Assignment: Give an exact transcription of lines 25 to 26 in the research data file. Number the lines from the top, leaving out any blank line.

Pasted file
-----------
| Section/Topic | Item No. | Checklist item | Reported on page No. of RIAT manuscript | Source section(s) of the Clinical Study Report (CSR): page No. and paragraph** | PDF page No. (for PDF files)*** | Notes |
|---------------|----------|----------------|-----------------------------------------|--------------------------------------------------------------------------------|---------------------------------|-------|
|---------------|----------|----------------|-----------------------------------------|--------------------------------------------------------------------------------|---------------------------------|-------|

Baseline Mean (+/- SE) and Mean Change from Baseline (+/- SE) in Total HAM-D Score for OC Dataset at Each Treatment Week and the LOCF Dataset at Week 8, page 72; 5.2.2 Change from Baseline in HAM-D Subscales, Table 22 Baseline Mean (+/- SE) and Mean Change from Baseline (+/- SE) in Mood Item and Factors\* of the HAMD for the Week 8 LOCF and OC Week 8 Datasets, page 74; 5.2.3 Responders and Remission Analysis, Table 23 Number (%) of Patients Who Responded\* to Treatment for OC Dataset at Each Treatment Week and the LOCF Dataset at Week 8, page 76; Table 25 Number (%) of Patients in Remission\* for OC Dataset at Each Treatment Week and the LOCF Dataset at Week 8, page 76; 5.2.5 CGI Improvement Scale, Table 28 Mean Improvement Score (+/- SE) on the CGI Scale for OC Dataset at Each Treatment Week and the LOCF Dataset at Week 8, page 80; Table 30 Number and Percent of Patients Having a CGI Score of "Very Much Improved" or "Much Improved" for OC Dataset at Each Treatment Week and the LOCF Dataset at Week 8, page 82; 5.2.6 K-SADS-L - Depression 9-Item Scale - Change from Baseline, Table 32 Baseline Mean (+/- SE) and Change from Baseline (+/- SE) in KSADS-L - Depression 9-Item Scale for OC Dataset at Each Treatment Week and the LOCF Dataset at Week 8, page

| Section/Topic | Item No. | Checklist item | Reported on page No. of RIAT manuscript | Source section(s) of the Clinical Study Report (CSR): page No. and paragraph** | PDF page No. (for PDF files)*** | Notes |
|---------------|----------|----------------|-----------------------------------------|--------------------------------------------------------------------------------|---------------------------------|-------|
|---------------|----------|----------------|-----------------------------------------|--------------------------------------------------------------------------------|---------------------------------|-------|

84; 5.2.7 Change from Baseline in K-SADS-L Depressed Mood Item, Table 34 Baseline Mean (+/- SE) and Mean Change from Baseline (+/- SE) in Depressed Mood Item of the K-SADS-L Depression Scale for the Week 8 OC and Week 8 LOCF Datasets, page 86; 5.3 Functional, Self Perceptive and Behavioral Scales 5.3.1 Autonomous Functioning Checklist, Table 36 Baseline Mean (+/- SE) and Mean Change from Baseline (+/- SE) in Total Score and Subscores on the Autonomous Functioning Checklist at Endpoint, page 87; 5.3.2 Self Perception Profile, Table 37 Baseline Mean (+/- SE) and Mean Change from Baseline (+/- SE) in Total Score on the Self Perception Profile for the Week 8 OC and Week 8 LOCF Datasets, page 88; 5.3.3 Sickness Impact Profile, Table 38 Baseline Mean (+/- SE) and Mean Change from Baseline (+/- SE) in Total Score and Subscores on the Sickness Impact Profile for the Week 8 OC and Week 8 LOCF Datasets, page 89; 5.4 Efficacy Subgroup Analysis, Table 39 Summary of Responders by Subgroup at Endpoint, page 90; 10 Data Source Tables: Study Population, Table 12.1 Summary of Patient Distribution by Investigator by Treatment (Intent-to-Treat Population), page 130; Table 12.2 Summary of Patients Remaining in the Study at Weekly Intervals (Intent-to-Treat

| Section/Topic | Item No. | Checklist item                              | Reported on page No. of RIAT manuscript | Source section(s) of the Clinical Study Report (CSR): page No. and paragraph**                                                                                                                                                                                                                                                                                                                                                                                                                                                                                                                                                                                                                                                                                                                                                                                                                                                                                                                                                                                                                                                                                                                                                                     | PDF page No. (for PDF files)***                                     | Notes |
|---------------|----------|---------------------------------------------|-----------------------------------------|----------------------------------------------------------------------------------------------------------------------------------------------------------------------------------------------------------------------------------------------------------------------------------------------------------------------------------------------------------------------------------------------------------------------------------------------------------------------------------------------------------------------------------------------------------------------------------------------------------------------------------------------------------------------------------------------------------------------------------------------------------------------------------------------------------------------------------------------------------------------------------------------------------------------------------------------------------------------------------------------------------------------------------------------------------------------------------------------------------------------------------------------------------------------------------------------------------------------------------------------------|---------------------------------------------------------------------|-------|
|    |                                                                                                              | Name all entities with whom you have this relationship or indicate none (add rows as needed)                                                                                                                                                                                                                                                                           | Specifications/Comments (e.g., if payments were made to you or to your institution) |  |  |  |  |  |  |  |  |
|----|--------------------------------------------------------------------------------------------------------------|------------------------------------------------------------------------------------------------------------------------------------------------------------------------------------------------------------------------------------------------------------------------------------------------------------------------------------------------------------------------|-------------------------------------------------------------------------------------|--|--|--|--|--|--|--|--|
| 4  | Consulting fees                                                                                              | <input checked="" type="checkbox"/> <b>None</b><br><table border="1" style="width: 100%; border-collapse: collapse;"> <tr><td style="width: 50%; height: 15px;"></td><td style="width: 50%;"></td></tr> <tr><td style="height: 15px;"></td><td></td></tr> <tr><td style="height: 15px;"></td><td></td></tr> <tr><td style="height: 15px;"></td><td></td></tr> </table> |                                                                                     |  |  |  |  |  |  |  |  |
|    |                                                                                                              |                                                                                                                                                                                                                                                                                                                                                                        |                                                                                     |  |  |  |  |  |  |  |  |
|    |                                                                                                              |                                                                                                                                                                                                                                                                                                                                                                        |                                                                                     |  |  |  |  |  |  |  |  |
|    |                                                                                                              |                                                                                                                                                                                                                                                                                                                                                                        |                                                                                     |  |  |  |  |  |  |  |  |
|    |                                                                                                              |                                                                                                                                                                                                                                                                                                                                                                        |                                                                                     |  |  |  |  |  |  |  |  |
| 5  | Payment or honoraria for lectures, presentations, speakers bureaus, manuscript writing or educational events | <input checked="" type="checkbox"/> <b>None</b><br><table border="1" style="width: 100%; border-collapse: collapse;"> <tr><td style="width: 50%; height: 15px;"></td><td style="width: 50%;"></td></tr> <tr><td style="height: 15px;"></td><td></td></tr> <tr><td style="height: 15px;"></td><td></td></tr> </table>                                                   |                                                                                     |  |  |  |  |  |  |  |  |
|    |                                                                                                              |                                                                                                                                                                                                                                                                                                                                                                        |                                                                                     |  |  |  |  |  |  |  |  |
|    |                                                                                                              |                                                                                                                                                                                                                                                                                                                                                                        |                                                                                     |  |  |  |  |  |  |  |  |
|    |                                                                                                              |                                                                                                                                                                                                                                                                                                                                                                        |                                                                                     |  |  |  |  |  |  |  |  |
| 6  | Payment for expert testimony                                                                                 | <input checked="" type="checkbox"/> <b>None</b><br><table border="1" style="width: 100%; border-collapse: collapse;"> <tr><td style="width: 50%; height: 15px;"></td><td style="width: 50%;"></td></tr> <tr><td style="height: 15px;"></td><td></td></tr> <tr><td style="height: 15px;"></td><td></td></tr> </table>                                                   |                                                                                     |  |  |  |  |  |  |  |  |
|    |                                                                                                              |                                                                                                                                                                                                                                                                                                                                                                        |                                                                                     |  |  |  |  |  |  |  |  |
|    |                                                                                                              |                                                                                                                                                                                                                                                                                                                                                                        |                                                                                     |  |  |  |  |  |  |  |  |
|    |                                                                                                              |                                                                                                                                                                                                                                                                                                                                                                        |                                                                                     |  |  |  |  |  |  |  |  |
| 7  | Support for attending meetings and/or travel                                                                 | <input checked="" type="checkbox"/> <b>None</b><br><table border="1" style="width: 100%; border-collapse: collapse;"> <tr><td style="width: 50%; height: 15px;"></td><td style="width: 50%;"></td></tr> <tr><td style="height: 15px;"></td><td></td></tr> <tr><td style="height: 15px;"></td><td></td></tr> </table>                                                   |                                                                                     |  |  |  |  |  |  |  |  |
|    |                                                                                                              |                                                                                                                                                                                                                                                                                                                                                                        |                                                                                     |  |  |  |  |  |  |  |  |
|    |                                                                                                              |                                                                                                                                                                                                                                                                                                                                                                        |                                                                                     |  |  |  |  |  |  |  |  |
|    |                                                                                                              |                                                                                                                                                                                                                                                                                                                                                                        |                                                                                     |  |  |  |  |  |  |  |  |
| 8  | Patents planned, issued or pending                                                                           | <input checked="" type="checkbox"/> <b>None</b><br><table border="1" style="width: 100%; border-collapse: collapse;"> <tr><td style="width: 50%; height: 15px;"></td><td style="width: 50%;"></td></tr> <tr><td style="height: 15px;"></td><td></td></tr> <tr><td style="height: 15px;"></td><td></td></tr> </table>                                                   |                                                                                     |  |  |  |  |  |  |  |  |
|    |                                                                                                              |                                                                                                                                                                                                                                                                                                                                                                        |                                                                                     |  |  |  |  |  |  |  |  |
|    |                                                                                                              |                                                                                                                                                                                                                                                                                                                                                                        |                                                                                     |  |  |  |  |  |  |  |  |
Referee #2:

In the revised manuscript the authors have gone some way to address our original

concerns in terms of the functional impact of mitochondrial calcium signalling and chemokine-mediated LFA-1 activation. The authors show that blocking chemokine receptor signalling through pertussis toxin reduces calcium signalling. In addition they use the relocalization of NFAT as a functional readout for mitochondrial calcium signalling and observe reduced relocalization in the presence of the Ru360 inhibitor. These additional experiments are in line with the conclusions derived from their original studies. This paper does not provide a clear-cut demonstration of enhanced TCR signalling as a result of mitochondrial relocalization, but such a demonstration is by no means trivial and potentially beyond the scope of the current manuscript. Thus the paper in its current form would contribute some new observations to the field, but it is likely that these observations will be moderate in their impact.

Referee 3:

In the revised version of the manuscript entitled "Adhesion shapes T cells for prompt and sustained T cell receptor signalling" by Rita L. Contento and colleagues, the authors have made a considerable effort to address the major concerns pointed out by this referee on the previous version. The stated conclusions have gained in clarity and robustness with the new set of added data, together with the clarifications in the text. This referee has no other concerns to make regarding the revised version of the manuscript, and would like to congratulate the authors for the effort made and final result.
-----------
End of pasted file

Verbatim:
|    |                                                                                                              |                                                                                                                                                                                                                                                                                                                                                                        |                                                                                     |  |  |  |  |  |  |  |  |
| 7  | Support for attending meetings and/or travel                                                                 | <input checked="" type="checkbox"/> <b>None</b><br><table border="1" style="width: 100%; border-collapse: collapse;"> <tr><td style="width: 50%; height: 15px;"></td><td style="width: 50%;"></td></tr> <tr><td style="height: 15px;"></td><td></td></tr> <tr><td style="height: 15px;"></td><td></td></tr> </table>                                                   |                                                                                     |  |  |  |  |  |  |  |  |